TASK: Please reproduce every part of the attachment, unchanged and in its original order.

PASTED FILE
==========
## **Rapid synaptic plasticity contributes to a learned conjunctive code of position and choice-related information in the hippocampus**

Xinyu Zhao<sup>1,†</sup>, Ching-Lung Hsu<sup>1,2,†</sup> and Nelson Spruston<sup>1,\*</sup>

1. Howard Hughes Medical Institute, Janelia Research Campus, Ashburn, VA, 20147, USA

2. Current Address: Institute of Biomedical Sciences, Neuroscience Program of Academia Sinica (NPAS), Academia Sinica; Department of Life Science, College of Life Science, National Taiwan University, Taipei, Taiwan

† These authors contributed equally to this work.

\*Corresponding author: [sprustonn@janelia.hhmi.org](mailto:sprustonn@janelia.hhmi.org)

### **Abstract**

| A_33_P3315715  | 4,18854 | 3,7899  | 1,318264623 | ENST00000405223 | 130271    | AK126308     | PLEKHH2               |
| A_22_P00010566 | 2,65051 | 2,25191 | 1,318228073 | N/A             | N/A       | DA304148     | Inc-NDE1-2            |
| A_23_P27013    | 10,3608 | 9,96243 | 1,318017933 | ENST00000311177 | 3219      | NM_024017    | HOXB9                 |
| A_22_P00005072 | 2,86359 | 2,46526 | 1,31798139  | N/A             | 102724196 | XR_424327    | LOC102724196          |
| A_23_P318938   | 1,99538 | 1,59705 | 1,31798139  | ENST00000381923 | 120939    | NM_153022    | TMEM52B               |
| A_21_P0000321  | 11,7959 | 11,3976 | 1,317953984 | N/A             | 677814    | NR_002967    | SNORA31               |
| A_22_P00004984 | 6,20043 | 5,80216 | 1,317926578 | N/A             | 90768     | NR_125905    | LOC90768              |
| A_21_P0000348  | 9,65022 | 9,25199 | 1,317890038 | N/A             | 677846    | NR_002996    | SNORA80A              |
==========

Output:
## **Rapid synaptic plasticity contributes to a learned conjunctive code of position and choice-related information in the hippocampus**

Xinyu Zhao<sup>1,†</sup>, Ching-Lung Hsu<sup>1,2,†</sup> and Nelson Spruston<sup>1,\*</sup>

1. Howard Hughes Medical Institute, Janelia Research Campus, Ashburn, VA, 20147, USA

2. Current Address: Institute of Biomedical Sciences, Neuroscience Program of Academia Sinica (NPAS), Academia Sinica; Department of Life Science, College of Life Science, National Taiwan University, Taipei, Taiwan

† These authors contributed equally to this work.

\*Corresponding author: [sprustonn@janelia.hhmi.org](mailto:sprustonn@janelia.hhmi.org)

### **Abstract**

| A_33_P3315715  | 4,18854 | 3,7899  | 1,318264623 | ENST00000405223 | 130271    | AK126308     | PLEKHH2               |
| A_22_P00010566 | 2,65051 | 2,25191 | 1,318228073 | N/A             | N/A       | DA304148     | Inc-NDE1-2            |
| A_23_P27013    | 10,3608 | 9,96243 | 1,318017933 | ENST00000311177 | 3219      | NM_024017    | HOXB9                 |
| A_22_P00005072 | 2,86359 | 2,46526 | 1,31798139  | N/A             | 102724196 | XR_424327    | LOC102724196          |
| A_23_P318938   | 1,99538 | 1,59705 | 1,31798139  | ENST00000381923 | 120939    | NM_153022    | TMEM52B               |
| A_21_P0000321  | 11,7959 | 11,3976 | 1,317953984 | N/A             | 677814    | NR_002967    | SNORA31               |
| A_22_P00004984 | 6,20043 | 5,80216 | 1,317926578 | N/A             | 90768     | NR_125905    | LOC90768              |
| A_21_P0000348  | 9,65022 | 9,25199 | 1,317890038 | N/A             | 677846    | NR_002996    | SNORA80A              |